Dr Jimmy J. Hwang: I think that certainly there are hypotheses that relate to either a diet and/or exercise, recognizing that those are two trends that we’ve seen in this country over the course of the last three to four decades. Changes in dietary habits as well as changes in exercise habits. I think that there are other hypotheses that relate to, probably still at least indirectly relating to diet perhaps, that relate to perhaps gut bacteria and whether that has an influence on the development of malignancies. But the honest answer, the most honest answer when I talk to patients or anybody about it is, the reality is we don’t know.

Priya: Because why is this my first question is because when I was reading up about colorectal cancer, there was also a hypothesis that probably this kind of a change in age group that we are seeing is also maybe because of informed reporting now because of awareness increase, is that, can we also say something of that sort?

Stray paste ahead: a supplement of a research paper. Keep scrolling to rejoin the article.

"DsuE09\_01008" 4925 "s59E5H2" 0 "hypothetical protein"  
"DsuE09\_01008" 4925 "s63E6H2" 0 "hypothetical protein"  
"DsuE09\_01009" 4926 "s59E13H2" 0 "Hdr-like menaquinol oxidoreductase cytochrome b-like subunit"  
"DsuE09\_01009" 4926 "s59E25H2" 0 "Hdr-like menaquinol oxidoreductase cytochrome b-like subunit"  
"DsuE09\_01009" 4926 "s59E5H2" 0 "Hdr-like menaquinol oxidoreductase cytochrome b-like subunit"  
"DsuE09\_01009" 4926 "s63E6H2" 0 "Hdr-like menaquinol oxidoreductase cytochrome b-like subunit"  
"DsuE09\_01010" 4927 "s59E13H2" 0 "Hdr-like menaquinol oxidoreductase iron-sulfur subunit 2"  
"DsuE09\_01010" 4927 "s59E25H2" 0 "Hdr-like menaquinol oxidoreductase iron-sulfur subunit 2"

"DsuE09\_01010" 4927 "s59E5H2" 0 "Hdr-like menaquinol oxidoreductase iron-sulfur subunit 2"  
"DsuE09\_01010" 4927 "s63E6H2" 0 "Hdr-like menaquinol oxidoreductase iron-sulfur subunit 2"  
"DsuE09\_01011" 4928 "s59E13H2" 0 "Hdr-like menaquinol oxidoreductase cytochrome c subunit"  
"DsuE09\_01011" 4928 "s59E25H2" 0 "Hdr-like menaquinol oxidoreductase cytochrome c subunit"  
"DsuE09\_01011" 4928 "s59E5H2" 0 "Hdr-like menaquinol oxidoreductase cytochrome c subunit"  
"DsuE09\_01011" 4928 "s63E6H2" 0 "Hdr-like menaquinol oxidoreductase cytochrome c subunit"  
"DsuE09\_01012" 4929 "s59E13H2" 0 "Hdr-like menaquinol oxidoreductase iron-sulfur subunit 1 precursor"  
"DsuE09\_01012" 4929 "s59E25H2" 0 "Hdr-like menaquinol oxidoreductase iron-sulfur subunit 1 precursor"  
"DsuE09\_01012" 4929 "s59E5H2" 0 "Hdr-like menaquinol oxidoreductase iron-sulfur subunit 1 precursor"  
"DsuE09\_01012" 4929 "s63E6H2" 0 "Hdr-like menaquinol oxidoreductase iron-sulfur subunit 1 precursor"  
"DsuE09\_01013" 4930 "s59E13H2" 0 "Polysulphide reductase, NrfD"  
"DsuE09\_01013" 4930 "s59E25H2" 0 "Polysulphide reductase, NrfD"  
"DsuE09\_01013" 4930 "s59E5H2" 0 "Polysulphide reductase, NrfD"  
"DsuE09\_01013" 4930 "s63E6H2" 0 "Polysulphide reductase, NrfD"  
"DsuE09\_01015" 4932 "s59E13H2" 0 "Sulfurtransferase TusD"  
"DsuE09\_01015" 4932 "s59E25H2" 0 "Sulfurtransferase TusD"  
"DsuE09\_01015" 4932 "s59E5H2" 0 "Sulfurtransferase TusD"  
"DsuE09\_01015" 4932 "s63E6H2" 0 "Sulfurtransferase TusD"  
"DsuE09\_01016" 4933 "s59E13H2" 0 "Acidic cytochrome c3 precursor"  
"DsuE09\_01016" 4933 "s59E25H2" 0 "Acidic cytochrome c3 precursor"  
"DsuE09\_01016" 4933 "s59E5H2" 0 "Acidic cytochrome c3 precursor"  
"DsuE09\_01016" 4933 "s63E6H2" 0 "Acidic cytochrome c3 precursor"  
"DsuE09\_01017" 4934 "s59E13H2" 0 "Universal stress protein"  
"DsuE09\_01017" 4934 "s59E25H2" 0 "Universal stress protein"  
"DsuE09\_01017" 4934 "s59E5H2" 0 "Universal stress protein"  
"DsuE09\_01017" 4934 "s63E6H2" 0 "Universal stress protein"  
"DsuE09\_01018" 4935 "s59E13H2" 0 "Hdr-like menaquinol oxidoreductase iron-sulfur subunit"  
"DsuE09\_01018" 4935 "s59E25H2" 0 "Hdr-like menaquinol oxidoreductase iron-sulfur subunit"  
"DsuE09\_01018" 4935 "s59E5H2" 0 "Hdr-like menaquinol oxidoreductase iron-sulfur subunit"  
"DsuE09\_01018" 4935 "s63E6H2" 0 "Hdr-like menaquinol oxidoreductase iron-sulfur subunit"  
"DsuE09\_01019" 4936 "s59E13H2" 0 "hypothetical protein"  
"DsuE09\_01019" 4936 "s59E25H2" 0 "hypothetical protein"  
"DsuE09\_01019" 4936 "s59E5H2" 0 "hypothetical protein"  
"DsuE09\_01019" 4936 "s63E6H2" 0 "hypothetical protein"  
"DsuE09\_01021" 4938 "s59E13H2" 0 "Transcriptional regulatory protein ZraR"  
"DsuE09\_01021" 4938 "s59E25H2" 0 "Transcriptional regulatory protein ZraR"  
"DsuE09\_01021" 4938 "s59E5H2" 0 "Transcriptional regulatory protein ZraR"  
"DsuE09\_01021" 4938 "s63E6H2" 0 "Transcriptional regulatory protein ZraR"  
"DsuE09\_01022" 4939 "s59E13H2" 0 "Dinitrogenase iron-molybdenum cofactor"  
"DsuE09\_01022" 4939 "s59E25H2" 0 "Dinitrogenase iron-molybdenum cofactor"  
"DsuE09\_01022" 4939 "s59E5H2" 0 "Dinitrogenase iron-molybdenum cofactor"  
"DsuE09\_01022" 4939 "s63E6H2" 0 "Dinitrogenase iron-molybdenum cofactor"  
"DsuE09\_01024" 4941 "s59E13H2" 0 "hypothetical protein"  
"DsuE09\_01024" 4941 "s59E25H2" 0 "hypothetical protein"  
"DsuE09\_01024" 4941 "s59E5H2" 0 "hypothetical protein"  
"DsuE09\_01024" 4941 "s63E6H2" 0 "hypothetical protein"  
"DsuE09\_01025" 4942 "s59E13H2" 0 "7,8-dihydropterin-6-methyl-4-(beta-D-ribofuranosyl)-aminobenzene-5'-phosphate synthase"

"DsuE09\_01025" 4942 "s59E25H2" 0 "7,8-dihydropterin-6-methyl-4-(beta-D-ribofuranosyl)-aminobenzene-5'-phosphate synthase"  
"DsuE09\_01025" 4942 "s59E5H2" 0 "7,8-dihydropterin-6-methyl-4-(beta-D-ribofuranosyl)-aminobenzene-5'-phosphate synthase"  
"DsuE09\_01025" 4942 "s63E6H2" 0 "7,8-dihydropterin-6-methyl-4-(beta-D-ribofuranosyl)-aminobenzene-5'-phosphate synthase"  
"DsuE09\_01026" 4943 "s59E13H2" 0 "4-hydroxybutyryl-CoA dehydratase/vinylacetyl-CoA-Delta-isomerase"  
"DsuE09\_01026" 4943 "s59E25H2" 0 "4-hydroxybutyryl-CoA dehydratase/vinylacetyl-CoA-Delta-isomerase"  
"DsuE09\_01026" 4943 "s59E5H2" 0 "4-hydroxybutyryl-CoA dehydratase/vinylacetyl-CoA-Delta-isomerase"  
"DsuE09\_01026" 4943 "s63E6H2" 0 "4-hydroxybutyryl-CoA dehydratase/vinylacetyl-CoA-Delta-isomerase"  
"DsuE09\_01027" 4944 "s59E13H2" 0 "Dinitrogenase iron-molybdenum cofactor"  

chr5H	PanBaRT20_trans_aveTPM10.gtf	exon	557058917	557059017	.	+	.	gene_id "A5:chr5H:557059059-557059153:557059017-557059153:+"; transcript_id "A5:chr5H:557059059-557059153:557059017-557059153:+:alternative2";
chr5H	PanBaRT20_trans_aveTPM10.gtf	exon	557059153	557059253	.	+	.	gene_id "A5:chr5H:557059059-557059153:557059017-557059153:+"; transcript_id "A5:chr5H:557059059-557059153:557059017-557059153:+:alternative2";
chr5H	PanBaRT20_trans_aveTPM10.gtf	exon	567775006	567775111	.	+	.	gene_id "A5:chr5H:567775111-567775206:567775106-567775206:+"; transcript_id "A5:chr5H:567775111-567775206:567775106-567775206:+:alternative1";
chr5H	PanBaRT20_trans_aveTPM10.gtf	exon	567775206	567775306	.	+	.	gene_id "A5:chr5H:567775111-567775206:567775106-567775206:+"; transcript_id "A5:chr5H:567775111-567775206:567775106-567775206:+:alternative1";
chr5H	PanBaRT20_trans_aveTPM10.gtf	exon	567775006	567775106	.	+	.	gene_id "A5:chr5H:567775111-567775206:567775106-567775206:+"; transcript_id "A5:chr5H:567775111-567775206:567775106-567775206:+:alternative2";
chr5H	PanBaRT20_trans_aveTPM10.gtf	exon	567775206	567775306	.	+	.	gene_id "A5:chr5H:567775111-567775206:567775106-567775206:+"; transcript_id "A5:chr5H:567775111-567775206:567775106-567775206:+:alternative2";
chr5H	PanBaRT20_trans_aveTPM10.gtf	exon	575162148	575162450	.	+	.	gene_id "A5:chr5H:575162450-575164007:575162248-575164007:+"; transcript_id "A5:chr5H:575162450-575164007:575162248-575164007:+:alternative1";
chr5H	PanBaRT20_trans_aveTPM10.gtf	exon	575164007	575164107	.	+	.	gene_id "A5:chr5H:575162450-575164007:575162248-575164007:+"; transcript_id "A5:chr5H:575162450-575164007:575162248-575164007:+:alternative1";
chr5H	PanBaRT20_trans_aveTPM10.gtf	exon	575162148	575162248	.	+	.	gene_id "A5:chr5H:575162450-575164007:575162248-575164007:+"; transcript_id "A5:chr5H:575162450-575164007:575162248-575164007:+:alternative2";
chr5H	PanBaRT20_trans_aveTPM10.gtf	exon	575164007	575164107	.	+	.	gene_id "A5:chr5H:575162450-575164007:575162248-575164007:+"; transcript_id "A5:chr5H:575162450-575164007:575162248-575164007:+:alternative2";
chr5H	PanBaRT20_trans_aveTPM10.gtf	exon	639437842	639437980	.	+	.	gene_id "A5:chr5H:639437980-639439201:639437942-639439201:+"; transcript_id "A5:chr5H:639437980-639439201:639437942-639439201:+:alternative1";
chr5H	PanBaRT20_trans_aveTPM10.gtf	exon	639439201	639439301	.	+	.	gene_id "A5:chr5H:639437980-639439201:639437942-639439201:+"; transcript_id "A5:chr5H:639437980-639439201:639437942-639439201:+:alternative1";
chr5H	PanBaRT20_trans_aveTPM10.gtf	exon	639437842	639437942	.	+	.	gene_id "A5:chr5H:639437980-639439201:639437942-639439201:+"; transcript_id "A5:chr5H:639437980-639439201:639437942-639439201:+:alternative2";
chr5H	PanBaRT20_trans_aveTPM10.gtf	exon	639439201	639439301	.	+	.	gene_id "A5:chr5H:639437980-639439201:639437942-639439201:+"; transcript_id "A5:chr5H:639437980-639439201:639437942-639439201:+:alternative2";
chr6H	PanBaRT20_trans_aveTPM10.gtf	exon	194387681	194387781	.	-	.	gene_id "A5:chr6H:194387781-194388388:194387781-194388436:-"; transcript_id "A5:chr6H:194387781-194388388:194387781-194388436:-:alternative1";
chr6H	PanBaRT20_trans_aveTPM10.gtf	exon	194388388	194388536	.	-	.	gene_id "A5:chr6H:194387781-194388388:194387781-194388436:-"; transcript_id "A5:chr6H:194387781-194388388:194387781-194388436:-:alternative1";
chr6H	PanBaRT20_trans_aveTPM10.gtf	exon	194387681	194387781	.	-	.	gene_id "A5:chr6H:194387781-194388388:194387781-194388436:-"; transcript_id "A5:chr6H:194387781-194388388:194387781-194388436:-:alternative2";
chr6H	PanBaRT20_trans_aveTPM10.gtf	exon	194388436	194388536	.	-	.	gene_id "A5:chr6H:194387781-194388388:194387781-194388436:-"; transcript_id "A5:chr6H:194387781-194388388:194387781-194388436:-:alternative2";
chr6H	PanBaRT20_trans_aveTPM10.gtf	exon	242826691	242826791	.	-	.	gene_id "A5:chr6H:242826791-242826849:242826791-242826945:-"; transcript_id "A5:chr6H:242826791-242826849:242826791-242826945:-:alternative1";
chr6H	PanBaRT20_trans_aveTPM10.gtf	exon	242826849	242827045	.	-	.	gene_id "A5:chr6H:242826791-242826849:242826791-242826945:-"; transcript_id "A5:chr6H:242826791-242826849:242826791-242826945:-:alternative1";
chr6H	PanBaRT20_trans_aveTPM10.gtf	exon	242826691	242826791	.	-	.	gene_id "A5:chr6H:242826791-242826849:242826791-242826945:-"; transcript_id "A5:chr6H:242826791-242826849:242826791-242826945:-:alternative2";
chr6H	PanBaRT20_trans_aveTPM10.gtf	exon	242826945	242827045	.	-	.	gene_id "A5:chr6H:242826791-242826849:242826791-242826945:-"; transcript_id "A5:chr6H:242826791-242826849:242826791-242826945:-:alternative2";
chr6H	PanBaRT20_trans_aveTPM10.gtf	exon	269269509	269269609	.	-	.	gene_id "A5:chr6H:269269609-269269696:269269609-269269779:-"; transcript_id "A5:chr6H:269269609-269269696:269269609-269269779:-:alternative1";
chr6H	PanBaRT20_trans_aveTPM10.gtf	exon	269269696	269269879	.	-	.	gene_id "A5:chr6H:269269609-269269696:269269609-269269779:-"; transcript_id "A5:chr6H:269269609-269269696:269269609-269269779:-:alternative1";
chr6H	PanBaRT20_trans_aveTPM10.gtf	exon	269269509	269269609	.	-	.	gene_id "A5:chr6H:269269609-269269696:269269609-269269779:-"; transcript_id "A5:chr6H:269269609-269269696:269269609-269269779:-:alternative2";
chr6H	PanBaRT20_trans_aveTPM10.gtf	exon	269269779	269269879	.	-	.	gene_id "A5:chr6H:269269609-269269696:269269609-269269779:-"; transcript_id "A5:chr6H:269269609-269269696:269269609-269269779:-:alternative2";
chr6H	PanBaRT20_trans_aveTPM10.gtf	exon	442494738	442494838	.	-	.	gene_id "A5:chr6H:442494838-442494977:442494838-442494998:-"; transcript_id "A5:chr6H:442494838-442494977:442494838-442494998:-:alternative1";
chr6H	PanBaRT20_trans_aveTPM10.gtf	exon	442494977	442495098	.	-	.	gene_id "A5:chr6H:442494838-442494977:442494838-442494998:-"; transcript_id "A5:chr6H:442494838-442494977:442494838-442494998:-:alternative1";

Dr Jimmy J. Hwang: Well, that’s always difficult to prove one way or the other at least in the short term. I think that if we see that the numbers fall off, over the course of the next decade, then that would suggest there hasn’t in fact been an increase in the number of a total colorectal cancers, just that there was a surge in reporting, but, I’ve not really seen a whole lot to suggest that that’s necessarily the case. I think when you look at some of the different curves that have been published through the Journal of the National Cancer Institute or through the American Cancer Society, it looks to be a pretty consistent trend over the course of the last several decades. And that would make me really question whether that’s just a reporting thing, reporting back that  I think that it does really seem like it’s a real effect. And then the other thing that would make me say that is a fair number of these patients have advanced disease when they are diagnosed with their colorectal cancer, which will suggest that they have the symptoms that is not an earlier diagnosis of an early stage disease.